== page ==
Posted by evan on May 08, 2008

Advanced Rails Studio Day 3 (Live Blogging)

The day starts with a list of potential topics. The class body votes on the topics that they want to cover. All of my votes went to ‘file uploads’ for work reasons – and fortunately this pushed it over the top! :D

And the results in order are:

  1. AJAX
  2. File Uploads
  3. Perf & Scalability
  4. Deployment
  5. AR with unsupported DBs
  6. Debugging

Notes after the jump:

AJAX & RJS

  • Motherhood and apple pie describing RJS, Prototype, and Script.aculo.us at a high level
  • DT: Believes that fewer web developers (well, he said “Rails”) are trying to emlate desktop applications with AJAX
    • Me: Or those few that are do a better job? (i.e., Meebo)
ruby -e "self.javascript_guru?"
=> false
  • Hopefully this doesn’t surprise anyone (again, motherhood and apple pie here) but: RJS generates JavaScript server side and sends the JS back to Prototype which evals the generated JavaScript which updates the DOM.
  • For custom JS:
    • page << "raw javascript here" and it concatenates the JS in order with the other calls to page.
  • Interesting to me: the “Old Way” involves generating DOM IDs in the calling view and the RJS – been there done that
    • In Rails 2.0: the “simply_helpful” plugin provides a div_for and tag_for that generate the IDs for you. Sweet!
    • From the audience: JRails is a plugin that monkey-patches Rails to support JQuery. From toying with JQuery a little, I <3 it.
  • page.select takes a CSS selector and generates appropriate GS
  page.select("div.queston").each do |q|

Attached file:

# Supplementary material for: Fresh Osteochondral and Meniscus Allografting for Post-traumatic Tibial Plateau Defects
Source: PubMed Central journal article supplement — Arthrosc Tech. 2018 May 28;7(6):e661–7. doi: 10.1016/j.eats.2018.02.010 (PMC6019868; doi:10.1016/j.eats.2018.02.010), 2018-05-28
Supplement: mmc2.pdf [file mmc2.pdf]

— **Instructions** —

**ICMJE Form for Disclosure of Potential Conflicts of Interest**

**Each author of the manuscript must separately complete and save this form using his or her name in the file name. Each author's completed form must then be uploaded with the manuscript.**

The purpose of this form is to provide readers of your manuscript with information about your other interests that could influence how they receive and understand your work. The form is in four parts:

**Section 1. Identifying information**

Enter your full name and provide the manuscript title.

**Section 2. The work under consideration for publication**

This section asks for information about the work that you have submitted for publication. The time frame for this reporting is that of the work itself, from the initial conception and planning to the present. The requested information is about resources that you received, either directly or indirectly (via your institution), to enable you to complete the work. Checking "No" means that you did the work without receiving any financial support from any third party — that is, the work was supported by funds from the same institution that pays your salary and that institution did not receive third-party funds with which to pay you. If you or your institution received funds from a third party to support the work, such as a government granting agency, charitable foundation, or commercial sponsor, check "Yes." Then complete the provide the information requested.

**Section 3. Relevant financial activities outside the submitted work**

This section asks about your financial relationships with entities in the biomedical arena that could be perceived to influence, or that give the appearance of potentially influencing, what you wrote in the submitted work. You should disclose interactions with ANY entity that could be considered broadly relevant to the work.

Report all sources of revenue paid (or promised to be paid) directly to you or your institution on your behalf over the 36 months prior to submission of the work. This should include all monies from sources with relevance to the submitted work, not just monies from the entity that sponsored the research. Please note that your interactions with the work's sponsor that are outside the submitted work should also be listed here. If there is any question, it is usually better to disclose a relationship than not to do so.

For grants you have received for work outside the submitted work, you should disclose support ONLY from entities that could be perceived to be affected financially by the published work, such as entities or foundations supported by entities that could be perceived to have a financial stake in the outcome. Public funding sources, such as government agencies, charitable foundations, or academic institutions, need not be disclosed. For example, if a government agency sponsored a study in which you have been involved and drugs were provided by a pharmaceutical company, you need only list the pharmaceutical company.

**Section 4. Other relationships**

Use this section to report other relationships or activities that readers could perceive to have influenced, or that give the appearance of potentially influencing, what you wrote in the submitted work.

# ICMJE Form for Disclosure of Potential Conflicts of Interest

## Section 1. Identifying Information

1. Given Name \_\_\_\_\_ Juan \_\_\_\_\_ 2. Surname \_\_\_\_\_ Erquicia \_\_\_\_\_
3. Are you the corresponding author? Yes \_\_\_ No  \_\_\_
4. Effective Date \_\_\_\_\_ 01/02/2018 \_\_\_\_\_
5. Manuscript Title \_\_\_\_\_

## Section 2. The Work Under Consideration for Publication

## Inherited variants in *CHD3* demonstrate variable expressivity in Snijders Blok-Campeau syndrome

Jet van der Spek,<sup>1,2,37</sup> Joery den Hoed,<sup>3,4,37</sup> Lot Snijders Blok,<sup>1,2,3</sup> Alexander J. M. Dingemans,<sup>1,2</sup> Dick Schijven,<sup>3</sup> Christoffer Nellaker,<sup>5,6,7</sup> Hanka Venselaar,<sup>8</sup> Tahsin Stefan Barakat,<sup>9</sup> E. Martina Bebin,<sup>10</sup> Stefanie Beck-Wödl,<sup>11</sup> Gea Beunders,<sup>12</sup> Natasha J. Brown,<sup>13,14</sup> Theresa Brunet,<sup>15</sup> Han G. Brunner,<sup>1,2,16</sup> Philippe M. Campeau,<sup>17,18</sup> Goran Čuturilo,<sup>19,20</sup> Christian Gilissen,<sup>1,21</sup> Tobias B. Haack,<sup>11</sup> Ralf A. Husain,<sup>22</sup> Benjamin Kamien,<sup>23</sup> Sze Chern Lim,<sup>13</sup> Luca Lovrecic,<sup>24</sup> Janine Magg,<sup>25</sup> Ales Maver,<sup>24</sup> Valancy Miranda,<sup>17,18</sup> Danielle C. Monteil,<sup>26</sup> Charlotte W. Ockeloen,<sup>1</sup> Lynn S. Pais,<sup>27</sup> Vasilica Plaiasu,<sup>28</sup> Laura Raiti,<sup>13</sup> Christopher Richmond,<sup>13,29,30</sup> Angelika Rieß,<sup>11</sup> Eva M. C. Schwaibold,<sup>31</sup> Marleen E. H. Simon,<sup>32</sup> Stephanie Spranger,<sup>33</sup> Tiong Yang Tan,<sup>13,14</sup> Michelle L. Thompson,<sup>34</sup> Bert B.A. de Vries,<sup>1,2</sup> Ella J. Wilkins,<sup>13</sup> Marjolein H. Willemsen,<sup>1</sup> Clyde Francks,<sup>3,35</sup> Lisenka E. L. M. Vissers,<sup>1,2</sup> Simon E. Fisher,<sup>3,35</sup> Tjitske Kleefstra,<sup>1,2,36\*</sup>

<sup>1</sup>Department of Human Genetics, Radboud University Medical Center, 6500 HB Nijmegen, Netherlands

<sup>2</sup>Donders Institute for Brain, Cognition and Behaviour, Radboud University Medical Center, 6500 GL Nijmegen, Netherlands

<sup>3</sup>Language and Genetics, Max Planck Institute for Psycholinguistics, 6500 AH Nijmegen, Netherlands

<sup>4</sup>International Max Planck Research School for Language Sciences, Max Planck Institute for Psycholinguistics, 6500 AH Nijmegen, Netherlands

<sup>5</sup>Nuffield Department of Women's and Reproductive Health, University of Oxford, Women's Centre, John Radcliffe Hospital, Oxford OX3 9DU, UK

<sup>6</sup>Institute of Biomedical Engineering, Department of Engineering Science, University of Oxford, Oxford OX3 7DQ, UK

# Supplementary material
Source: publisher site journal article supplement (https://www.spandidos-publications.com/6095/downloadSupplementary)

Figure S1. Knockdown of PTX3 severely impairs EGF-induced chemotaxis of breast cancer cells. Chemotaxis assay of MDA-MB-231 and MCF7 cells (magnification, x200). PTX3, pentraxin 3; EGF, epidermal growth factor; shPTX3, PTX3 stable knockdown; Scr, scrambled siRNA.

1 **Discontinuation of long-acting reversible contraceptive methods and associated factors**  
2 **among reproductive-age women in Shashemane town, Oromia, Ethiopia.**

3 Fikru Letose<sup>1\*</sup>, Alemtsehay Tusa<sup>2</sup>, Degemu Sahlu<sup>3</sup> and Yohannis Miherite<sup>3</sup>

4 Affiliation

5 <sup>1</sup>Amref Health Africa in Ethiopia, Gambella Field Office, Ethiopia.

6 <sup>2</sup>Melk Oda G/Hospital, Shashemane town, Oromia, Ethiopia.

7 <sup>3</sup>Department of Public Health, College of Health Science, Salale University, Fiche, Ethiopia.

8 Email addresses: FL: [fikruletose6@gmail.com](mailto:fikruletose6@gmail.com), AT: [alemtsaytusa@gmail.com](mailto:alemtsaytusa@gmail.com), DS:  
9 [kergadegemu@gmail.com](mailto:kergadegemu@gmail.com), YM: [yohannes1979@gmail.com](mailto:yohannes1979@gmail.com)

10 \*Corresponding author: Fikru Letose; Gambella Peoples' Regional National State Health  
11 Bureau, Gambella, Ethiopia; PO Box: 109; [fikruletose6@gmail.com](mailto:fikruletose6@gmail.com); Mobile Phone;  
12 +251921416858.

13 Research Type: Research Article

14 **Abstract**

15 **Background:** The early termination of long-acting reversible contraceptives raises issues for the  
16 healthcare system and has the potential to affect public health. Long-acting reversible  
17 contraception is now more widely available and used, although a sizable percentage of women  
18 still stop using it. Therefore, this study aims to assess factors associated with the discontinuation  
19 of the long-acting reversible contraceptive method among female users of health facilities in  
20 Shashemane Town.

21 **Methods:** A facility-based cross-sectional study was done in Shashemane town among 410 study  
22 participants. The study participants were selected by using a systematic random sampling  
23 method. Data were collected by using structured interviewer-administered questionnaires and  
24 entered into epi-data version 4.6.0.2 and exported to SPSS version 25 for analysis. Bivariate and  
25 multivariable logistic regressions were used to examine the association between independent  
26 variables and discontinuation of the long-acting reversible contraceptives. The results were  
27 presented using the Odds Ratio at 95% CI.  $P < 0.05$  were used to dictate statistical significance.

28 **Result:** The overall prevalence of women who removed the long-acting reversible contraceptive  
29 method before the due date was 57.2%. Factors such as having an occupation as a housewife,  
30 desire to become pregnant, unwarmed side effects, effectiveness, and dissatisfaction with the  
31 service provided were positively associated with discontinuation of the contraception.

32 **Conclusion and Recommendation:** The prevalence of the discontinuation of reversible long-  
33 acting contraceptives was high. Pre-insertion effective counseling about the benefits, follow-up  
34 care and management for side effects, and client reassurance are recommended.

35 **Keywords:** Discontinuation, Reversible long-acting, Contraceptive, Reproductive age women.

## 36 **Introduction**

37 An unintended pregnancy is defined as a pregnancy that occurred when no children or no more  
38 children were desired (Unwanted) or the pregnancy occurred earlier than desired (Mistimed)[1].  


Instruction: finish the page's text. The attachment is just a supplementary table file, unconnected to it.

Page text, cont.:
q.visual_effect ....
  end
  • I dig it.
  • DT: Refactor into a helper if you’re going to reuse this (yup yup)
    • page[:an_element].reload seeks out a partial “_an_element.erb” and updates the element
    • update_page { |p| p.alert("Hello!") } just generates a String
    • Can be called from controller, helper, or view
    • CF: puts his RJS in the controller! His RJS code tends to be very short. If you’re doing more than that, then you’re probably making a busy page. (This is a handy take away)

Example:

  render :update do |page|
    page[:foo].your\_rjs\_operation
  end
  • To ‘easily’ support AJAX and synchronous:
  respond_to do |format|
    format.html { do something }  # handles text/html http requests
    format.js                     # causes lookup of RJS if making an AJAX request
  end
  • CF: Can call update_page as often as you want unlike render
    • Makes it easy to mix JS, HTML, and Ruby in the view – but could get ugly
    • So write helpers to be called via link_to_function (Slide 205 and 206)
  • Audience remark: Testing a page that can respond to text/html and a JS request seems as though it can be brittle/hard to test

    • CF: Yes, it’s harder to test a site that does AJAX than one that does not
    • DT: Triple good point!: With AJAX, you have to consider how friendly your website is to screen readers. I hope that my current colleagues are reading this….
  • Writing your own RJS extensions:

    • The JS generators uses method_missing so page.lightbox.dosomething would invoke Lightbox.dosomething in JS.
    • Be careful of the page size resulting from all of the code generated into the HTML

break

File Uploads

  • Two basic solutions:

    • attachment_fu plugin
    • paperclip
    • Biggest recipe in the Advanced Recipes book and freely available on the book site
  • Topics interesting to audience

    • Performance (my question)
    • Custom Mongrel handler
      • CF: Should be about 10 lines of code
      • MC: Code should be out there somewhere
    • Merb (obvious solution but thicker than it used to be?) – started as a custom Mongrel handler
    • Multiple concurrent uploads (also of interest)
    • Me: See Ezra’s talk on this
    • Progress bars
  • attachment_fu (yes, I’ve never used it. Shoot me.)

    • In events_final web app:
    • User has a Portrait
    • Portrait has_attachment is monkey-patched into AR (See code sample in events_final)
    • Some columns in the DB are required by attachment_fu
      • parent_id
      • width
      • height
      • content_type
      • filename
      • thumbnail (can have several)